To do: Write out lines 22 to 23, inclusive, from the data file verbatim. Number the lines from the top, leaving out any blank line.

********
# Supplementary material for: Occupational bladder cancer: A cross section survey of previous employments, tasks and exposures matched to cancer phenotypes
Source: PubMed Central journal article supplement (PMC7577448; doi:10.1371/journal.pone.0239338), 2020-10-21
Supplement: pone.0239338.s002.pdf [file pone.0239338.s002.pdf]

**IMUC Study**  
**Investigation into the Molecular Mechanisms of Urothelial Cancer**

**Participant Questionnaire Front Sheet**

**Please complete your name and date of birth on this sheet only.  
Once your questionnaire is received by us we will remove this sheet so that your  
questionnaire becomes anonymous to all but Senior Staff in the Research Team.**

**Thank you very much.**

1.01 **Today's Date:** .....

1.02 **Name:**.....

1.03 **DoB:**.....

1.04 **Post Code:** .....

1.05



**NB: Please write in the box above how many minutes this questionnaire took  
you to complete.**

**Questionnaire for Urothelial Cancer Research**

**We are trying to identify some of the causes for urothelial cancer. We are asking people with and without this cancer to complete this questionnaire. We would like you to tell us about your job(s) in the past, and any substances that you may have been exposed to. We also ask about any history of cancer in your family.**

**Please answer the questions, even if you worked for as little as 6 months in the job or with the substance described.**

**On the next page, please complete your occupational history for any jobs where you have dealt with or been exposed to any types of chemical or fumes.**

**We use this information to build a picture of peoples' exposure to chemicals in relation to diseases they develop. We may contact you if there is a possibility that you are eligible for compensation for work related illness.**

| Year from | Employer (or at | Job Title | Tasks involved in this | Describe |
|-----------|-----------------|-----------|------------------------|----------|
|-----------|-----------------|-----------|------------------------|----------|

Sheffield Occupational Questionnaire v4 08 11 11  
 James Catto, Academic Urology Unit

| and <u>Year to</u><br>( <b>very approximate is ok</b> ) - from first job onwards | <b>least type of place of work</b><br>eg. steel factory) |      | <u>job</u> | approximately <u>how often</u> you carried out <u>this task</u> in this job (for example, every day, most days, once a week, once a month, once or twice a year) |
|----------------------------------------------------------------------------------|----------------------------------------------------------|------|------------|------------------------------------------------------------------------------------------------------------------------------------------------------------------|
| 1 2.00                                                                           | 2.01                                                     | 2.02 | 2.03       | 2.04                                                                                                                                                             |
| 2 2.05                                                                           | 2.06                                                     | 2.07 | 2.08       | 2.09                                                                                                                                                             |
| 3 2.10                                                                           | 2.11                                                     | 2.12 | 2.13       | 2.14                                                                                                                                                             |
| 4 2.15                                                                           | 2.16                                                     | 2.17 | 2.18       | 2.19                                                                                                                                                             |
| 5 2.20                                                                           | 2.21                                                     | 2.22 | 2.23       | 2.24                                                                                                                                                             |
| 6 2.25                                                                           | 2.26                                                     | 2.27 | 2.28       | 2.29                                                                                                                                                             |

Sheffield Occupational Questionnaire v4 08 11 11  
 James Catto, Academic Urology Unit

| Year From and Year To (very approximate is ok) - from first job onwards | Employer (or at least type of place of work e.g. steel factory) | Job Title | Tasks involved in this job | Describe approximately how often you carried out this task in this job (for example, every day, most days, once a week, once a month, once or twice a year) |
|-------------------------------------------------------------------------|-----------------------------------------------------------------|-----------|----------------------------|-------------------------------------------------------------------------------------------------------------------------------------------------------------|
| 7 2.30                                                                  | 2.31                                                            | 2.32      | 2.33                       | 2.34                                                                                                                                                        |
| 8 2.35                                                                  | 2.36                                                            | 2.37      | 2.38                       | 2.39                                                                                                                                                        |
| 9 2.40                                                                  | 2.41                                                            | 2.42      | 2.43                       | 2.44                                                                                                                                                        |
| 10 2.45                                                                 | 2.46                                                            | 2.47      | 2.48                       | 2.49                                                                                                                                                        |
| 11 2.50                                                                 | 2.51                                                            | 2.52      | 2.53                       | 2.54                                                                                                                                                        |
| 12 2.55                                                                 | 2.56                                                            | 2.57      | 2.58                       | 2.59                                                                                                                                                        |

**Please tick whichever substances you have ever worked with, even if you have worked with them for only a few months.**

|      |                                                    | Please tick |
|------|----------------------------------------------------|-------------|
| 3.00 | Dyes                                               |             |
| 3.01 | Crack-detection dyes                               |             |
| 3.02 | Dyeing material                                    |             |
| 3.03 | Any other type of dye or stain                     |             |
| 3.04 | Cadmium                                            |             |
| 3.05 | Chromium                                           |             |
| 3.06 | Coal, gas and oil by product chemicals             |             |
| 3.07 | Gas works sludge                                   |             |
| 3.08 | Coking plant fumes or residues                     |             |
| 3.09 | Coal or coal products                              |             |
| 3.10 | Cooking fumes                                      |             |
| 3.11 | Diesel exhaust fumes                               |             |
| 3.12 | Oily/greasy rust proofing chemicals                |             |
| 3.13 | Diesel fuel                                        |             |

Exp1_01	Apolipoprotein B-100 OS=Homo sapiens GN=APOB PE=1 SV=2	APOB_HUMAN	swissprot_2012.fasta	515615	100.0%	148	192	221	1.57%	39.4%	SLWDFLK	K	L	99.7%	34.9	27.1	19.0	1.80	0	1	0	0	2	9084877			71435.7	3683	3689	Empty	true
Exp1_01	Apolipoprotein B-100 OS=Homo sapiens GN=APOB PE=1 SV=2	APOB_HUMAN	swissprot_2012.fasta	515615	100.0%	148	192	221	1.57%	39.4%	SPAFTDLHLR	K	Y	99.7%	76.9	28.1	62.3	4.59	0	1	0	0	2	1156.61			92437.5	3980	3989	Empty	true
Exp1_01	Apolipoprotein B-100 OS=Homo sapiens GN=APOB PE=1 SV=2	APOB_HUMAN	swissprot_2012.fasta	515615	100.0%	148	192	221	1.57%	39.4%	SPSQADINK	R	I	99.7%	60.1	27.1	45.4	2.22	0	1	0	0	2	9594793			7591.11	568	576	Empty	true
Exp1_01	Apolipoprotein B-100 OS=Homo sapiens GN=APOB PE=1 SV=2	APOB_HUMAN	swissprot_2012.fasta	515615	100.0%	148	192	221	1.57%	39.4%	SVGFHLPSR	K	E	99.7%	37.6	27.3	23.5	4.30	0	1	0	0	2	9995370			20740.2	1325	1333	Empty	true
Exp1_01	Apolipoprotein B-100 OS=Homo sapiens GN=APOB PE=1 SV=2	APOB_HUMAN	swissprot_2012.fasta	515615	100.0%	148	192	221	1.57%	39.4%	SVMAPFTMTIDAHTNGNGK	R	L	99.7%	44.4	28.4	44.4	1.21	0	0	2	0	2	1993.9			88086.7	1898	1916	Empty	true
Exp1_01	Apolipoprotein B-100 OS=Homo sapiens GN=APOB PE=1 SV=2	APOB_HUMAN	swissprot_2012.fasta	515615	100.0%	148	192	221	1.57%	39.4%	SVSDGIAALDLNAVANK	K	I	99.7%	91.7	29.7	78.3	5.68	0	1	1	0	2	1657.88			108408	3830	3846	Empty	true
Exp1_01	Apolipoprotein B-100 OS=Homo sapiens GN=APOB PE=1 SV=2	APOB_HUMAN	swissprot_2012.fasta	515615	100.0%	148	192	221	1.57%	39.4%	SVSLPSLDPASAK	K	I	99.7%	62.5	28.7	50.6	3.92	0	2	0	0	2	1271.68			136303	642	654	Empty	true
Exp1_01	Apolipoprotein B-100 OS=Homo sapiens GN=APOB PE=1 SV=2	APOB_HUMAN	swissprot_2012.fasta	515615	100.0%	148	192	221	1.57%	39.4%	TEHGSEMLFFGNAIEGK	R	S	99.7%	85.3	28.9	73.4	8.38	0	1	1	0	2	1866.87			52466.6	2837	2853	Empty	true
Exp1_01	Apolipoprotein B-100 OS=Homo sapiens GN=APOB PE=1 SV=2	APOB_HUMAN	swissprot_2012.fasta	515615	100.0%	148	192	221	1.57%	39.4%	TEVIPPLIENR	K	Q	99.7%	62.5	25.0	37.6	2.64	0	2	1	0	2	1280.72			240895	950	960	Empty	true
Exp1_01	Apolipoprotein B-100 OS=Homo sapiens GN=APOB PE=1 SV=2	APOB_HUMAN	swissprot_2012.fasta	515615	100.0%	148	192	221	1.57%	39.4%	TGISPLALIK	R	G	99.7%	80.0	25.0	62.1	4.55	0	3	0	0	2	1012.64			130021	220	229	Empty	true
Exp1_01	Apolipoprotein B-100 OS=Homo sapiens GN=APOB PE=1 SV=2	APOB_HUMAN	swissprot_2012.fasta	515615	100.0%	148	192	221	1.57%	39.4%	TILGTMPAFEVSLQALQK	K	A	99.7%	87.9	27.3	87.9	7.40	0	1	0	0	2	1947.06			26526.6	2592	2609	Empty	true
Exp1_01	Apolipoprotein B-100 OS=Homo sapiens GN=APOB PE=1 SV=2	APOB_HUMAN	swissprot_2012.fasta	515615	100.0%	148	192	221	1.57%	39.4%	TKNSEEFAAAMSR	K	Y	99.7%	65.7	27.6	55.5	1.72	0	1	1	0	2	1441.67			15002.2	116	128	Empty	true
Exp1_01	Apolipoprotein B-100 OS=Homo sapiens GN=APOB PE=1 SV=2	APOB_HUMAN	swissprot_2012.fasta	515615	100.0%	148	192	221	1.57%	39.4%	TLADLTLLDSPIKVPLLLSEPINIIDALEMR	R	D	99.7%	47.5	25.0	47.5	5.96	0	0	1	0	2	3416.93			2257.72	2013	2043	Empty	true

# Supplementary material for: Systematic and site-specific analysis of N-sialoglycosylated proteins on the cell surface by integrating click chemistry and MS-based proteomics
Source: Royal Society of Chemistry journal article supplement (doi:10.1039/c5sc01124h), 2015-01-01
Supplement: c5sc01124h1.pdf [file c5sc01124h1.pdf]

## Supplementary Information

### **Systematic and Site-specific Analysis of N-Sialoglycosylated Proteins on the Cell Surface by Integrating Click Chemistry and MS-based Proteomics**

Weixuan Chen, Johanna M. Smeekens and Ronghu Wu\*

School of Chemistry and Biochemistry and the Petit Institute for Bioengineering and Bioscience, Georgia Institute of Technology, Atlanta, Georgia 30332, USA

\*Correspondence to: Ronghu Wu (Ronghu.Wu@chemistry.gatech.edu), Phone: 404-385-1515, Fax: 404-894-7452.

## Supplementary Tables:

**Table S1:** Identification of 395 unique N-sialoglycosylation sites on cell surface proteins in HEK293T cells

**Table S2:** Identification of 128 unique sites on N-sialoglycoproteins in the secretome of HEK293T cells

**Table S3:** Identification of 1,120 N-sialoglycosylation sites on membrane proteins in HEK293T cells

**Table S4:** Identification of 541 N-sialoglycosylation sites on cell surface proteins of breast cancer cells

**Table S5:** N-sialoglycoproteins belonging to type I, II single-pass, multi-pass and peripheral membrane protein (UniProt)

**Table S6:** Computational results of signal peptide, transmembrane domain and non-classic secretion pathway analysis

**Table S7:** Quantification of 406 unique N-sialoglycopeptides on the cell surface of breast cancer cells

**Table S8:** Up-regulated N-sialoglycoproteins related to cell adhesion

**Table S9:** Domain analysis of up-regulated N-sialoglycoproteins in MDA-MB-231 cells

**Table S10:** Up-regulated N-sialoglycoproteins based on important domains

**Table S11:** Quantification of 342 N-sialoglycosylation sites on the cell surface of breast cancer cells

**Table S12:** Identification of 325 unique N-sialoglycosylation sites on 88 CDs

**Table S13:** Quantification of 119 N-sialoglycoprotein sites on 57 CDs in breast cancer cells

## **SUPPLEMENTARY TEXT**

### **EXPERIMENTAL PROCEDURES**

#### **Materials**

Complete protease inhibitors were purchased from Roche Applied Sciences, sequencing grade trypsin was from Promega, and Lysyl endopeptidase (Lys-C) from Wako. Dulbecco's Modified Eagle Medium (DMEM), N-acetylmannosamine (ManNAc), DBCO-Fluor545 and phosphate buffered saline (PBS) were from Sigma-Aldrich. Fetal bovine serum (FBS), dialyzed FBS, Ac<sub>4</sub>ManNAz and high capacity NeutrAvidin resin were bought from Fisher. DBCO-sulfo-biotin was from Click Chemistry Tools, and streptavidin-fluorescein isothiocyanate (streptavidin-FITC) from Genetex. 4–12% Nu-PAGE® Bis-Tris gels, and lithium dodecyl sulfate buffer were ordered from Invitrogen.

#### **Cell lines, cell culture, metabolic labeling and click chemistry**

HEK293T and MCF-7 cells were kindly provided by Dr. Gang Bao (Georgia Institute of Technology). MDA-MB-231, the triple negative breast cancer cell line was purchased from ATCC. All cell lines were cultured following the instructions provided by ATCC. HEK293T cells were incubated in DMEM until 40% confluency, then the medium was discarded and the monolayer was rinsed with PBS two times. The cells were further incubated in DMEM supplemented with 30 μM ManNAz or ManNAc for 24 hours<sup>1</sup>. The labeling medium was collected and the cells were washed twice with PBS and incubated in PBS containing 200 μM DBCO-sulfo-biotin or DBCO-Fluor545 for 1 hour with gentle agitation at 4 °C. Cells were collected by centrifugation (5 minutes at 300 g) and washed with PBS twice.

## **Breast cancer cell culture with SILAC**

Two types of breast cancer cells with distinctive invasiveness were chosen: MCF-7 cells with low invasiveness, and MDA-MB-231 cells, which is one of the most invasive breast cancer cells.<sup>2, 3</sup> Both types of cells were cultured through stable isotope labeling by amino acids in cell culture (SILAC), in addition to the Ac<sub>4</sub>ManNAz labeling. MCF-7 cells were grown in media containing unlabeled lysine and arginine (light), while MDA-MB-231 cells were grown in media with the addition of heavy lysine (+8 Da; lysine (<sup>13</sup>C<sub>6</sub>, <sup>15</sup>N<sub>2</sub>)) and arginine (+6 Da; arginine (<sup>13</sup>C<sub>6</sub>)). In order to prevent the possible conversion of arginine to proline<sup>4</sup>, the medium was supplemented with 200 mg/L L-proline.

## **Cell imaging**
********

**We use this information to build a picture of peoples' exposure to chemicals in relation to diseases they develop. We may contact you if there is a possibility that you are eligible for compensation for work related illness.**

| Year from | Employer (or at | Job Title | Tasks involved in this | Describe |